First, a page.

Bangladesh hands Islamist leader 90 year sentence
Ghulam Azam, aged 91, escapes death penalty for role in 1971 war
Secular activists demand death penalty for war criminals in Bangladesh (Stephan Uttom)
A Bangladeshi war crimes court has sentenced the former chief of the radical Islamist Jamaat-e-Islami Party to a 90-year jail term for orchestrating crimes against humanity during the country’s 1971 liberation war.
Ghulam Azam, 91, a spiritual guru of Jamaat, was found guilty of planning, conspiracy, incitement, complicity and murder on more than 60 counts of crimes against humanity.
“Ghulam Azam deserves the death penalty for the crimes, but considering his old age we convicted him to 90 years in prison,” ATM Fazle Kabir, head judge of International Crimes Tribunal, said during the verdict.
The verdict comes amid tight security in Dhaka following incidents of violence by Jamaat activists in a protest strike called by the party.
Azam was the party’s chief from 1969 to 1971 and strongly opposed Bangladesh independence from Pakistan. During the war he helped form militias as frontline forces of the invading Pakistan army.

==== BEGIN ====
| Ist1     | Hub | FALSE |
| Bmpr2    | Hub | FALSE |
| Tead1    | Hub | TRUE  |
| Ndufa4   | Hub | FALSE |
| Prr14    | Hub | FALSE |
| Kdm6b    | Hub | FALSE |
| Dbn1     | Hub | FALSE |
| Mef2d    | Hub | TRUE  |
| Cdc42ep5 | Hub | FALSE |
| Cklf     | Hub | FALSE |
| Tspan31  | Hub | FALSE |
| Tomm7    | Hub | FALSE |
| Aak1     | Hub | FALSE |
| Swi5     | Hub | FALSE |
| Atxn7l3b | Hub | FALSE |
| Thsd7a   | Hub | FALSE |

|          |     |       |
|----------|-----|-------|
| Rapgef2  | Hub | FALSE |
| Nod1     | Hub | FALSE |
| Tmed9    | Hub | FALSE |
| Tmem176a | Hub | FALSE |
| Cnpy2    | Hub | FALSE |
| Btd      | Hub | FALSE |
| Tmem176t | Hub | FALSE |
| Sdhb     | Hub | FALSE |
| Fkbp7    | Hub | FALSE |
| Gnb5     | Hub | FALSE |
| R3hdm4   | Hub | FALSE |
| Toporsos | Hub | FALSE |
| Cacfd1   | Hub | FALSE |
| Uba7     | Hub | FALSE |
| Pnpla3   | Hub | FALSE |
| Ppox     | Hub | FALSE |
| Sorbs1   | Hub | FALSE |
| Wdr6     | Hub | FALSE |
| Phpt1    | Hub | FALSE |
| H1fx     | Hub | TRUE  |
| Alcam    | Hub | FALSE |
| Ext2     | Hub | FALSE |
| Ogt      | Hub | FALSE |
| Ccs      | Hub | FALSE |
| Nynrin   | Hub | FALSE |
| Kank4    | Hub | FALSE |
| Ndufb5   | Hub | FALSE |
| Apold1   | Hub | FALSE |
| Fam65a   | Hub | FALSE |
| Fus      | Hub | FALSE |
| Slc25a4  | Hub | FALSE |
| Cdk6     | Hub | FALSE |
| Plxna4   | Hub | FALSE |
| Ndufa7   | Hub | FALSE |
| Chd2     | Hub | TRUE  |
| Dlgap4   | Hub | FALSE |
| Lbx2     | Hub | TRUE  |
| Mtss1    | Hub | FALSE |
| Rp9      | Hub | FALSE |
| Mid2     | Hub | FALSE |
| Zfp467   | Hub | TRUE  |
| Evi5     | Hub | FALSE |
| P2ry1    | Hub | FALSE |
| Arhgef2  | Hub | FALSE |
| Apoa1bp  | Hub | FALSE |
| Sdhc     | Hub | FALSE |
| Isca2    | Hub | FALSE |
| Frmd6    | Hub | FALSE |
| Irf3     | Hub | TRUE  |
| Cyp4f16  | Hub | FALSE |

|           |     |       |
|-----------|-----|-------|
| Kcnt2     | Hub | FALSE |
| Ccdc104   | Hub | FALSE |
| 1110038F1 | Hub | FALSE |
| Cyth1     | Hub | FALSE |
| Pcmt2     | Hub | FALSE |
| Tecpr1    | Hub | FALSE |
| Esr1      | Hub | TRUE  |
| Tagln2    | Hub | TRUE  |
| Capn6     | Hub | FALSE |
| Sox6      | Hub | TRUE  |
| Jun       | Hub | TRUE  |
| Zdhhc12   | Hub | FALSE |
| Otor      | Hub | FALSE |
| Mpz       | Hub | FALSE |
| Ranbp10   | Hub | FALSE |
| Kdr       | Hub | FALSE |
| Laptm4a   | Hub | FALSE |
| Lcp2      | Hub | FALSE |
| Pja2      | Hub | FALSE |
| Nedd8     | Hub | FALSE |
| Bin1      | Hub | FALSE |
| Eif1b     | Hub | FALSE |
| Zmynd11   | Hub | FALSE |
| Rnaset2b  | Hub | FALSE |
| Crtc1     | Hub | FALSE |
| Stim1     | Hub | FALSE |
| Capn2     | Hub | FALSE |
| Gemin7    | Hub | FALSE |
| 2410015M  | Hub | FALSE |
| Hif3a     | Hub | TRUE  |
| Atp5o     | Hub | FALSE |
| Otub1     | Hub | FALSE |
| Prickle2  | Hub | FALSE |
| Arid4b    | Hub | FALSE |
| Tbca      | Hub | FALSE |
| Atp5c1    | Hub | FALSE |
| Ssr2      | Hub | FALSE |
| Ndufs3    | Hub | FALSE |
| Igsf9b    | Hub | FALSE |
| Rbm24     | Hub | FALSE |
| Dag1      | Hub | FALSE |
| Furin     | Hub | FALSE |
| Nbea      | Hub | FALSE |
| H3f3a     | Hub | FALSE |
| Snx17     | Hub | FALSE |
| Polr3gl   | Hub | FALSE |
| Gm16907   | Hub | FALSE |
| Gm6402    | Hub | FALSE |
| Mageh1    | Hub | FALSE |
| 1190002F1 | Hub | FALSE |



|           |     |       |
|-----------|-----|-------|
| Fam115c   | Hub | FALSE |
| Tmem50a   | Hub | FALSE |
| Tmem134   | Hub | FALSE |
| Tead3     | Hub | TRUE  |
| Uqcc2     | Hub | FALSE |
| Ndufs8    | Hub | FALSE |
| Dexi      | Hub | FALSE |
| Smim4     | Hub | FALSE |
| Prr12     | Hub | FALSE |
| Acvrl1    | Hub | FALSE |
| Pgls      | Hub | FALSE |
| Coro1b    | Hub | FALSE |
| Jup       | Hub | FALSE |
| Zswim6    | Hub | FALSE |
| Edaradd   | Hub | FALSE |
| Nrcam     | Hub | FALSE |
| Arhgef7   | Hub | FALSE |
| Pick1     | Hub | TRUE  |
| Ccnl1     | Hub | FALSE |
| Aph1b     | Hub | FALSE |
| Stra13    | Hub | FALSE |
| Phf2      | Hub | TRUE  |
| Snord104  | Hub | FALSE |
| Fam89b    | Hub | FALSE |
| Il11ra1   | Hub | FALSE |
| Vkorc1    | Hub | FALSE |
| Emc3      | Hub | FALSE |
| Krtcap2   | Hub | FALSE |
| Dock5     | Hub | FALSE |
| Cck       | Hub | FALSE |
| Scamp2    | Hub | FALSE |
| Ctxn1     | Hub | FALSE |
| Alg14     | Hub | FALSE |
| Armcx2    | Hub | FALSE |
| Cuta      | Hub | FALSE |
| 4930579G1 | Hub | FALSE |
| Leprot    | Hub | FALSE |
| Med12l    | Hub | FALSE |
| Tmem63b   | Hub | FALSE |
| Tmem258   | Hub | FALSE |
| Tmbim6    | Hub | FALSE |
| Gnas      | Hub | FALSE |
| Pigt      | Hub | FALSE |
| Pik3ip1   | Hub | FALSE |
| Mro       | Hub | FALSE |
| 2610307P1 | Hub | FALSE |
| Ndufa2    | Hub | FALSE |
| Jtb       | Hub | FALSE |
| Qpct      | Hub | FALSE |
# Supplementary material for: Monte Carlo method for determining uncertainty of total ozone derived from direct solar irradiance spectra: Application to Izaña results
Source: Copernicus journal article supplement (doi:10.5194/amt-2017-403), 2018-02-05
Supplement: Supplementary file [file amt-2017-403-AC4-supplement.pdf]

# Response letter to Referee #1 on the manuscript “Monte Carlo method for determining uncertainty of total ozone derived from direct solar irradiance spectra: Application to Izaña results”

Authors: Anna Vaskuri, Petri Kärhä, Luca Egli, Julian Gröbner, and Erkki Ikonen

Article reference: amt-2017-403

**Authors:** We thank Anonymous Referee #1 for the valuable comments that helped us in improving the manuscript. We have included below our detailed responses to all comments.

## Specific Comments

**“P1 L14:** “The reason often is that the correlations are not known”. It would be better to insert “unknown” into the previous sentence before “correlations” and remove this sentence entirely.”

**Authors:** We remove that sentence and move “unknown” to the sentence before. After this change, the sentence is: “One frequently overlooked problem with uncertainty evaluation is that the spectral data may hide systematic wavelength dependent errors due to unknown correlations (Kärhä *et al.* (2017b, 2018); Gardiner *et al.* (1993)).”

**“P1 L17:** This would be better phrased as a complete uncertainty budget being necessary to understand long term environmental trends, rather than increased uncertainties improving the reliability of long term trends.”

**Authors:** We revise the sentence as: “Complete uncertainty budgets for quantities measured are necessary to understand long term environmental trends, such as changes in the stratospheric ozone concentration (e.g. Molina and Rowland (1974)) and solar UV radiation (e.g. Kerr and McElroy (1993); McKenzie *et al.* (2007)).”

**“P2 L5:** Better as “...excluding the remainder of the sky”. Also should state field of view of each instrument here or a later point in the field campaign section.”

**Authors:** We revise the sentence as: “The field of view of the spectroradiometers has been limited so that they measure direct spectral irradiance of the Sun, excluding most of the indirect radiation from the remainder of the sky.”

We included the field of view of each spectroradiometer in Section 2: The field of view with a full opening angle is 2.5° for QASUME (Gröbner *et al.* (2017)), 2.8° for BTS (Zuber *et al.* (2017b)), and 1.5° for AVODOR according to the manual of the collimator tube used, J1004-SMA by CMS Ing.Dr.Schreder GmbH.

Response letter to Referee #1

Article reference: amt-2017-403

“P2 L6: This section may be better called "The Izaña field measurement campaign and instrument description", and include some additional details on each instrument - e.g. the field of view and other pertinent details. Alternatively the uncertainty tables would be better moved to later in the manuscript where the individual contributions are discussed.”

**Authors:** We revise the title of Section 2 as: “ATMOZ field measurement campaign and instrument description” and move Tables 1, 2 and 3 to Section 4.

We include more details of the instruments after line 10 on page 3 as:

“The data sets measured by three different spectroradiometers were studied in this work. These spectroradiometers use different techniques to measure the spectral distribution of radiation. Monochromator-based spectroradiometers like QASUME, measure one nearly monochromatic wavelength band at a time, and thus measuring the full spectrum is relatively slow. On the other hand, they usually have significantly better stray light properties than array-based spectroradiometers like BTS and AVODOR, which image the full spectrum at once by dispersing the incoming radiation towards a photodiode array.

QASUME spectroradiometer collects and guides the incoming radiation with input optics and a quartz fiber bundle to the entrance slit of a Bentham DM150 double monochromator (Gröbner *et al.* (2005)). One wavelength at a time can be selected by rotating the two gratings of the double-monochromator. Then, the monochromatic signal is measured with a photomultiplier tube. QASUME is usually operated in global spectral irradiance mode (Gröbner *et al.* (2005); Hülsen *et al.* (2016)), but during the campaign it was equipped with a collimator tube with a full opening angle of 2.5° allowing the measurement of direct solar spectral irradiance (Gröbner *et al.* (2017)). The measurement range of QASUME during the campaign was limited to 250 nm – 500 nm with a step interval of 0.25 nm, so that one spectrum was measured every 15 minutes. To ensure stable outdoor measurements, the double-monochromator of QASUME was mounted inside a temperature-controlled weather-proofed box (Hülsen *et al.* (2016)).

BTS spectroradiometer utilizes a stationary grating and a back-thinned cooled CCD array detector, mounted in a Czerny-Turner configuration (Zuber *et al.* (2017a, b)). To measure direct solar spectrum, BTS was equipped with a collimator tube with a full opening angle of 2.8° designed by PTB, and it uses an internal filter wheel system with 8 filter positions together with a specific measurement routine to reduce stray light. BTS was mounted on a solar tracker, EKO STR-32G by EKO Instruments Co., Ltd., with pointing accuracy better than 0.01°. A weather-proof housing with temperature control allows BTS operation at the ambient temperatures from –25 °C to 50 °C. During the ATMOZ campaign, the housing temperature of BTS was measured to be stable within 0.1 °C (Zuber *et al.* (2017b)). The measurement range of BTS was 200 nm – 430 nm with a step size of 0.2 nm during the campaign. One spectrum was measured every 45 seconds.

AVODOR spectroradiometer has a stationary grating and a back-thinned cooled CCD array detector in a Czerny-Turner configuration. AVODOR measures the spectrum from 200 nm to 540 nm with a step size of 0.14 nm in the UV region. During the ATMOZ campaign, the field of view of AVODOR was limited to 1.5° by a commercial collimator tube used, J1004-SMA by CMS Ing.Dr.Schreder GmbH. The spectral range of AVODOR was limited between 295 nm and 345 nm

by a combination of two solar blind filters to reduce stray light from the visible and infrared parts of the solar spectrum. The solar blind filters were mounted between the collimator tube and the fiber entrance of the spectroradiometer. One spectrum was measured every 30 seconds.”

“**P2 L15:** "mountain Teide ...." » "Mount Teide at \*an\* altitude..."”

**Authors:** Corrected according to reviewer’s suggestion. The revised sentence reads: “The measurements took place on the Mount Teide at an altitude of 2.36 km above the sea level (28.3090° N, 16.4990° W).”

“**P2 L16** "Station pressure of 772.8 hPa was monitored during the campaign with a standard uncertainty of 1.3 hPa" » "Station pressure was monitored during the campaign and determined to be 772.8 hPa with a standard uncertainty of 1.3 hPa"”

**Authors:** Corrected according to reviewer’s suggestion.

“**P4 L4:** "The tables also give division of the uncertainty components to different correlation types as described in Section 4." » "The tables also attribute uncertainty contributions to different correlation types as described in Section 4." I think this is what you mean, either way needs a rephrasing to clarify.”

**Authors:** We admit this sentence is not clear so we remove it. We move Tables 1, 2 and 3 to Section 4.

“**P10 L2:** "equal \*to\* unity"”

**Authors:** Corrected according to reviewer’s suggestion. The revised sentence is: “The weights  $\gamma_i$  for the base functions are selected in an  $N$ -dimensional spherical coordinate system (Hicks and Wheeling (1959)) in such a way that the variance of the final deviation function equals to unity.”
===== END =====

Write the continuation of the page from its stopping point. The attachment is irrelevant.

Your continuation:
Up to three million people were killed and over 200,000 women raped during the conflict.
Azam fled to Pakistan at the end of the war and his Bangladesh citizenship was revoked in 1973. However, political changes meant he was allowed to return in 1978, and served as Jamaat chief from 1991 to 2000.
“Ghulam Azam deserved the death penalty, but justice was not done,” says Shahriar Kabir, acting president of the Committee for Secular Bangladesh and Trial of War Crimes. “He is the mastermind of war crimes, because the collaborator militias he formed were responsible for the widespread murder, torture and rape of innocent men and women.”
Ghulam Azam was also actively involved in anti-Bangladesh and pro-Pakistan propaganda in influential Middle Eastern Muslim countries for years after Bangladeshi independence, he added.
As news of Azam’s verdict spread, hundreds of secular activists, demanding the death penalty for war criminals and a ban on Jamaat, took to the streets in protest against the verdict. “We don’t accept the farcical verdict,” some chanted.
Defense lawyer Tajul Islam says justice was not done to his client. “State prosecutors cited newspaper records of speeches given by Ghulam Azam during war, but couldn’t prove any of the alleged crimes. We will appeal against the verdict.”
Eight more leaders -- six from Jamaat and two from BNP - are behind bars and being tried for their alleged war crimes. Jamaat and BNP have said the tribunal is politically motivated.
Despite its popularity among the majority of Bangladeshis, the tribunal has seen controversy over procedures and government influence. The New York-based Human Rights Watch has said it falls short of international standards.
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